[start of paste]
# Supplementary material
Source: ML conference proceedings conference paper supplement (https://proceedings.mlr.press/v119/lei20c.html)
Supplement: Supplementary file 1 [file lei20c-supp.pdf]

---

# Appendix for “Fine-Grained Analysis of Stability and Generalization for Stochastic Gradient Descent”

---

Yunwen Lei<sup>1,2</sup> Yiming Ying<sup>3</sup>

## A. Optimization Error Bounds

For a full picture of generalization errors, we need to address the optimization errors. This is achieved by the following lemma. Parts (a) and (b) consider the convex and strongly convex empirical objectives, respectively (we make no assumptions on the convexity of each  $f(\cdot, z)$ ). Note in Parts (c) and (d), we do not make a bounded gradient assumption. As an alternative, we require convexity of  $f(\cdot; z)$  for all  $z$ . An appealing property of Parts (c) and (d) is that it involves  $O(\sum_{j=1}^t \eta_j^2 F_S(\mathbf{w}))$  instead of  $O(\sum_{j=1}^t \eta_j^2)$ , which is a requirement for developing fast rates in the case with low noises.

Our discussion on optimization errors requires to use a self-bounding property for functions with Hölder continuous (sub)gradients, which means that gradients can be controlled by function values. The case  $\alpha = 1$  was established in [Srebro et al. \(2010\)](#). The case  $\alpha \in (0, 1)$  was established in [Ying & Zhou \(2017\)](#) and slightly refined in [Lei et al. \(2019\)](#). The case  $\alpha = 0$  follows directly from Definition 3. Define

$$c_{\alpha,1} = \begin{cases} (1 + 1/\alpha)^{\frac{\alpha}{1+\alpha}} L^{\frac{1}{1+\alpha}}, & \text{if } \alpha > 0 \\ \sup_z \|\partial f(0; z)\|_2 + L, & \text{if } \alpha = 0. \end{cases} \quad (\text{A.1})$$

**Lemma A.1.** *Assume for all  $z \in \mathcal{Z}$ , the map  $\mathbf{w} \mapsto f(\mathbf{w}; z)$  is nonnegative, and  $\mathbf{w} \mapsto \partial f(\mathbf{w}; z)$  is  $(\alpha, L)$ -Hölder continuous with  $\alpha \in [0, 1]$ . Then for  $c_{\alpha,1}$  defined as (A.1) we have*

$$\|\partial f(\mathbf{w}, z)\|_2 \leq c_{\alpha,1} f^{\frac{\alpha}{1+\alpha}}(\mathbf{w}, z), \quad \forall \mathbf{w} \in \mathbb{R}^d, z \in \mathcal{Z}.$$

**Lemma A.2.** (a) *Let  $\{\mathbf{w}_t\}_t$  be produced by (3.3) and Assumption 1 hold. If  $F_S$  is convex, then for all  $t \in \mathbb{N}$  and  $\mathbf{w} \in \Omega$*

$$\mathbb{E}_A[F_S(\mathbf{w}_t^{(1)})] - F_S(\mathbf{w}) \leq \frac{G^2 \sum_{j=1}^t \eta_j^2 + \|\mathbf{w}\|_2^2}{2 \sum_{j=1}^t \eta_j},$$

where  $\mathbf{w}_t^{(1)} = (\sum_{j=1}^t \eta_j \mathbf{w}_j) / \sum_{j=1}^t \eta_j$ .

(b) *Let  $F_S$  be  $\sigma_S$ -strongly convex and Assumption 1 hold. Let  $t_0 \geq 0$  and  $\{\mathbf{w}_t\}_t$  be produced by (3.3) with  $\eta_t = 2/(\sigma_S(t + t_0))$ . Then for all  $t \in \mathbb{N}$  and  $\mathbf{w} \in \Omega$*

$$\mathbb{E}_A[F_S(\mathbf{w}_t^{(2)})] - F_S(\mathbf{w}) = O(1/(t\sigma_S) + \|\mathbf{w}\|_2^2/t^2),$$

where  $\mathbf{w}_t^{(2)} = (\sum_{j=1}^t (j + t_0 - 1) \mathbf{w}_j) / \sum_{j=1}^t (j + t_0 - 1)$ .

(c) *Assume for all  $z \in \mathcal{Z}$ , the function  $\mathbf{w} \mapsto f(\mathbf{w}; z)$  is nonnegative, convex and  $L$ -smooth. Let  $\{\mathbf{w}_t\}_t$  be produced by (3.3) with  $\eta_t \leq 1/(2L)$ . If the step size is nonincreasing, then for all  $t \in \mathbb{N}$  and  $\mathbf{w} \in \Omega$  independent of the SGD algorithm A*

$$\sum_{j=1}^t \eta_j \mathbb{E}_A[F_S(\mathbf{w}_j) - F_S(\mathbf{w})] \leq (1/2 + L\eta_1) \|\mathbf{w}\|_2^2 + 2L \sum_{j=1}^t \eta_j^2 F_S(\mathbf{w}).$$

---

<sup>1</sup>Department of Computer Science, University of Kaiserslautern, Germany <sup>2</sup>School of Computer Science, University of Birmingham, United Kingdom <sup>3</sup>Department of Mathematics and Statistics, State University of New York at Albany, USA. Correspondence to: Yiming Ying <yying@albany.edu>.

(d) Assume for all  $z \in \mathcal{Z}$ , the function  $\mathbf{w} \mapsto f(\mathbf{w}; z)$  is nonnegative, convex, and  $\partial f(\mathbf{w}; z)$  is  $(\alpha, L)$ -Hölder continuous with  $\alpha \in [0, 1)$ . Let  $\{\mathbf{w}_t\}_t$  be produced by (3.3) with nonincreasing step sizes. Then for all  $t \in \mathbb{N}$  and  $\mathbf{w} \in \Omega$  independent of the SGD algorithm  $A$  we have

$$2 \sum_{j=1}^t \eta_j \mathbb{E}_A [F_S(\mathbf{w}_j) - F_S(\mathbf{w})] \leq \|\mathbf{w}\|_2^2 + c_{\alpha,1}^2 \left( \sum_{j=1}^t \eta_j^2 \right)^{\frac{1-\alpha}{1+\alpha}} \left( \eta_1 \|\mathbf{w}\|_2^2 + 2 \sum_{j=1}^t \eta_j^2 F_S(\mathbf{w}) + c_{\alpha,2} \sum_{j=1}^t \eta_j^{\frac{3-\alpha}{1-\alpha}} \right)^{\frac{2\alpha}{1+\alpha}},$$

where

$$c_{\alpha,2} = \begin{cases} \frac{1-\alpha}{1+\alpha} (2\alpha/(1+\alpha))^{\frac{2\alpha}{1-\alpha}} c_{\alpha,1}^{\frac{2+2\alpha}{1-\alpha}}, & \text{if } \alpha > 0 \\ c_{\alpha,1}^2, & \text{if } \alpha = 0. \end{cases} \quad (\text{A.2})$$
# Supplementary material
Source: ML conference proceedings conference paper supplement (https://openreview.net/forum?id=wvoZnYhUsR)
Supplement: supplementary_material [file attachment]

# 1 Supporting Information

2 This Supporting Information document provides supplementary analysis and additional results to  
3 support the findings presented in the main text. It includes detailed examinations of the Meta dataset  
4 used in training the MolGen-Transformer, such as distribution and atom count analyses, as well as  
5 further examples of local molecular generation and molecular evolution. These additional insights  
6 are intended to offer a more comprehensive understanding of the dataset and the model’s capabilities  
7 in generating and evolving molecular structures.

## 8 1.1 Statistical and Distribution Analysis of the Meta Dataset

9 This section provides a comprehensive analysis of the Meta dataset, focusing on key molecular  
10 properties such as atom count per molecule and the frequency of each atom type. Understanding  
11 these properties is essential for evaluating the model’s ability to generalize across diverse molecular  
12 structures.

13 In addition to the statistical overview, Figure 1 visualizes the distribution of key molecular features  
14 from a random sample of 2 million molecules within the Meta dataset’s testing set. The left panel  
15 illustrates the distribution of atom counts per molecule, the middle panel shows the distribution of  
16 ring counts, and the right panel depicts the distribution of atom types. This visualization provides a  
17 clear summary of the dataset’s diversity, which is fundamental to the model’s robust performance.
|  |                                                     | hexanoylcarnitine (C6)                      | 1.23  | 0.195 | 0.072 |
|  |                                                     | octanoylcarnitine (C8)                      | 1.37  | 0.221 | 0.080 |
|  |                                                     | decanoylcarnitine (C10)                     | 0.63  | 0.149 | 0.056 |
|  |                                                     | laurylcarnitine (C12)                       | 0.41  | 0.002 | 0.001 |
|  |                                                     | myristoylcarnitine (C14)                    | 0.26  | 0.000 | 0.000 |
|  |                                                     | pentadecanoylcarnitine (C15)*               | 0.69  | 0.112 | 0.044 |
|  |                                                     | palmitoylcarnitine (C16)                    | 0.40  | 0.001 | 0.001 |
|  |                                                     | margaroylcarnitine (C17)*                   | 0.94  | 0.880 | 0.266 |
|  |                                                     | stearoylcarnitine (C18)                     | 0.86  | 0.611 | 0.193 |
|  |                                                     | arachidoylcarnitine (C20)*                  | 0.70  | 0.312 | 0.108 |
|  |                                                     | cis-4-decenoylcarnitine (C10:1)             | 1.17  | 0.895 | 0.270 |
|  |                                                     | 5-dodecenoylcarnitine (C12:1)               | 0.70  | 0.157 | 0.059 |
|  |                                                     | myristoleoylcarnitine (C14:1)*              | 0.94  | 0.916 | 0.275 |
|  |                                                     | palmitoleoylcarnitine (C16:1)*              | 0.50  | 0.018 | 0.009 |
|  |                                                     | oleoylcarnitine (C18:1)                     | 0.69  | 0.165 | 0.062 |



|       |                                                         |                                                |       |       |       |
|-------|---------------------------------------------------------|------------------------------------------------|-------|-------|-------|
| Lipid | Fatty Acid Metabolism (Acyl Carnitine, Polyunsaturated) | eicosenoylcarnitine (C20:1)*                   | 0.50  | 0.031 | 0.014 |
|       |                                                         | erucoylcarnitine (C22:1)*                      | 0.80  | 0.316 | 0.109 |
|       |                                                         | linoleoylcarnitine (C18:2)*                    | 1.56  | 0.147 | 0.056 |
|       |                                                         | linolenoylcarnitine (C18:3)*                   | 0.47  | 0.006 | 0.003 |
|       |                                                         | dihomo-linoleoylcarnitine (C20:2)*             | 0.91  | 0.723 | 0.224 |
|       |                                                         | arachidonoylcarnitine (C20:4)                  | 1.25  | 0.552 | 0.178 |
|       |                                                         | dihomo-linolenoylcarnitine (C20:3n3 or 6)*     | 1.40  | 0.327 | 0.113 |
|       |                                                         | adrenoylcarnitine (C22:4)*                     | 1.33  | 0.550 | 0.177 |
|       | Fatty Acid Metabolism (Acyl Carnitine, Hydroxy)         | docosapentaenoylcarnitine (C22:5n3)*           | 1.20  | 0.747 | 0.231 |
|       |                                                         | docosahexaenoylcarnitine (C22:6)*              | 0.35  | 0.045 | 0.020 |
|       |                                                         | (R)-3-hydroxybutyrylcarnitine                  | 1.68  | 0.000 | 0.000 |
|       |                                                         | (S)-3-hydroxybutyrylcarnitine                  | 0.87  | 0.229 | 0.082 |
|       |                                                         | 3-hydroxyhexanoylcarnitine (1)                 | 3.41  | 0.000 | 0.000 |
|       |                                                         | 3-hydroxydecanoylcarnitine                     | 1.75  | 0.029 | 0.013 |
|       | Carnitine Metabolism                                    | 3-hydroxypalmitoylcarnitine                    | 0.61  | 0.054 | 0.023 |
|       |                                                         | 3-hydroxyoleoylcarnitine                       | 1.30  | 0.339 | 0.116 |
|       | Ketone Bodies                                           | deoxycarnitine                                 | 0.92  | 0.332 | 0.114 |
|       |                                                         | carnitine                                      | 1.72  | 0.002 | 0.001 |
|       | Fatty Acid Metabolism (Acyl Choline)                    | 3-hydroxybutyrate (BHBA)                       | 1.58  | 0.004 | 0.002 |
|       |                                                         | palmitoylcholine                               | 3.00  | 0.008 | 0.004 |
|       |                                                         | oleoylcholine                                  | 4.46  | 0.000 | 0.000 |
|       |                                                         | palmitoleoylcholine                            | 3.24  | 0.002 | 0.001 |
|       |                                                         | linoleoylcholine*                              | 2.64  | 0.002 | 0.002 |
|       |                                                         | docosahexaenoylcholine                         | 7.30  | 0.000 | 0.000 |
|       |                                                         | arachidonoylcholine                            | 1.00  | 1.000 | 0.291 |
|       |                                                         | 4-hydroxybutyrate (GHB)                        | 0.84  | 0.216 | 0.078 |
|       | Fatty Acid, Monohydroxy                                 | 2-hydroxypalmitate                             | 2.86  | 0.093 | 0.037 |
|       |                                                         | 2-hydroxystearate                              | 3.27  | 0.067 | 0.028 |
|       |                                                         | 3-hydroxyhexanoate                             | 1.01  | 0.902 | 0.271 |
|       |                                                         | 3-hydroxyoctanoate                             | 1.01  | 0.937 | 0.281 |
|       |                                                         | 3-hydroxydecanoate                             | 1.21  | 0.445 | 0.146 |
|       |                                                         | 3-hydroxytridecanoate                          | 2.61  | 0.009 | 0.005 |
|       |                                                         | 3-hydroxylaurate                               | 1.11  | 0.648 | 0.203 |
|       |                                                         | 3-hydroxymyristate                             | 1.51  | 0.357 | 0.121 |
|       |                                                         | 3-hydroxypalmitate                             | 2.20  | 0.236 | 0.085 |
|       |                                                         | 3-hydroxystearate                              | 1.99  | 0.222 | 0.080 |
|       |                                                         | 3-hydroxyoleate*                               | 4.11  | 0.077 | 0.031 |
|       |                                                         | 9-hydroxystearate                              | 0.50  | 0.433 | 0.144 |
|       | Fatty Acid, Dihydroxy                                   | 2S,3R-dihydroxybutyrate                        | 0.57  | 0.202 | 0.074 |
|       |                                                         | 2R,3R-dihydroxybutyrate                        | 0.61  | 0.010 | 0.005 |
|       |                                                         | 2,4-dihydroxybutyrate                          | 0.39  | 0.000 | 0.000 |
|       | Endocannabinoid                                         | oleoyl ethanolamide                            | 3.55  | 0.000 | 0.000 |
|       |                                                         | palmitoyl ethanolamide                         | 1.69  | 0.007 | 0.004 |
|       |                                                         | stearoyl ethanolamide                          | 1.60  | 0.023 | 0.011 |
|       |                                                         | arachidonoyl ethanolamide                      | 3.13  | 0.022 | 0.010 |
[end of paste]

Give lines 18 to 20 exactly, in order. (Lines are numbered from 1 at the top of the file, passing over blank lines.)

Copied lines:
$$\mathbb{E}_A[F_S(\mathbf{w}_t^{(2)})] - F_S(\mathbf{w}) = O(1/(t\sigma_S) + \|\mathbf{w}\|_2^2/t^2),$$

where  $\mathbf{w}_t^{(2)} = (\sum_{j=1}^t (j + t_0 - 1) \mathbf{w}_j) / \sum_{j=1}^t (j + t_0 - 1)$ .

(c) *Assume for all  $z \in \mathcal{Z}$ , the function  $\mathbf{w} \mapsto f(\mathbf{w}; z)$  is nonnegative, convex and  $L$ -smooth. Let  $\{\mathbf{w}_t\}_t$  be produced by (3.3) with  $\eta_t \leq 1/(2L)$ . If the step size is nonincreasing, then for all  $t \in \mathbb{N}$  and  $\mathbf{w} \in \Omega$  independent of the SGD algorithm A*